Clara snubs road to hit track, lace up skates
SYDNEY -- Apparently, Clara Hughes doesn't know how this retirement thing is supposed to work.
Following the women's Olympic individual time trial yesterday, the Winnipegger revealed she's trading in her road bike for a track bike and a pair of speed skates.
"Speed skating has always been close to my heart," said Hughes, who grew up speed skating and will train in Ste. Foy, Que., where she now lives, for the sport's longer, endurance-style races. "In order to succeed, you have to have a passion for your sport, and since I was a little girl, I've always felt that way about skating."
Track cycling is a natural fit, too.
It's been proven this year that world class road course racers can be successful on the velodrome.
And if you're going to speed skate at a top level, track cycling is wonderful summer training, proven this year by fellow Winnipegger Susan Auch, who nearly qualified for the Sydney Olympic Games, and American speed skater Chris Witty, who did.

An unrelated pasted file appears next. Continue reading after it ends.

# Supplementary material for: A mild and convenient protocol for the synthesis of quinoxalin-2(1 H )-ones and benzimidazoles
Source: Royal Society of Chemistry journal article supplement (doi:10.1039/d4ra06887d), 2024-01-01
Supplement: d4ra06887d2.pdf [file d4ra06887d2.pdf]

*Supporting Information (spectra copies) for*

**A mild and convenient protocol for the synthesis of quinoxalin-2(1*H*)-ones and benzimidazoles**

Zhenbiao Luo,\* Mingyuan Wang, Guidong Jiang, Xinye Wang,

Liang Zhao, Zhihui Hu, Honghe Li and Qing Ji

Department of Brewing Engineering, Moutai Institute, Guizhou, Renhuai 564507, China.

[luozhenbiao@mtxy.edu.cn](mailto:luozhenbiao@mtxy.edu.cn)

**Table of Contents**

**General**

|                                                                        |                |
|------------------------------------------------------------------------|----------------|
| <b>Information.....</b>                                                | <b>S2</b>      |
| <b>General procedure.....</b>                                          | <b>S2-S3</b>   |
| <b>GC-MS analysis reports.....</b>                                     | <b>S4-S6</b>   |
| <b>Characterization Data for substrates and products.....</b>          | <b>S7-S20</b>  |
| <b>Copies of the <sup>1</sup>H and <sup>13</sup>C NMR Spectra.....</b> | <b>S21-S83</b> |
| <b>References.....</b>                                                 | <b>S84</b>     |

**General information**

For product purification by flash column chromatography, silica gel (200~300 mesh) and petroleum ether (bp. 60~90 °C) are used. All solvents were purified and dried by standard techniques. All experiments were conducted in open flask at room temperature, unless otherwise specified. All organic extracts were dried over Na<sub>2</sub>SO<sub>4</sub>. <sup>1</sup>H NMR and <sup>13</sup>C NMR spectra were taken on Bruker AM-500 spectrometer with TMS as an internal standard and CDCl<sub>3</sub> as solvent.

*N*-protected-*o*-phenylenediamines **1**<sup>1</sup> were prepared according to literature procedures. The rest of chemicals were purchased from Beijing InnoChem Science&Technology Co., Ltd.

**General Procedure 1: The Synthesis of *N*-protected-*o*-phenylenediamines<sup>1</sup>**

Yesterday, Hughes, who turned 28 on Wednesday, finished sixth in the time trial in 43 minutes, 12 seconds on the two-lap, 31.2-km road course near Sydney's Moore Park.
Dutch rider Leontien Zijlaard, the Marion Jones of the cycling circuit, won her third gold and fourth medal of these Olympics with a 42.00 ride.
Zijlaard finished first in the road race on Tuesday, and also captured a gold and silver in track cycling on the velodrome, proving Hughes isn't crazy for making the switch.
American Mari Holden took silver in 42.37, and unbelievable 42-year-old Frenchwoman Jeannie Longo-Ciprelli won bronze in 42:52.
In Atlanta in '96, Hughes won bronze in both the road race and the individual time trial for Canada, but she struggled with her commitment to the sport afterwards.
When she rediscovered it more than a year later on a trip to Mexico, Hughes began training with coach Eric Van Den Eynde in Quebec.
"I really enjoy working with Eric, and track cycling is his forte," said Hughes.
Yesterday was another emotional day for the veteran rider.
Like Tuesday's road race, the Canadian cyclist rode in honour of her good friend and Saturn teammate, American Nicole Reinhart, who was killed when she was thrown from her bike and struck a tree during a race in Boston this month.
"She was in my heart," said Hughes.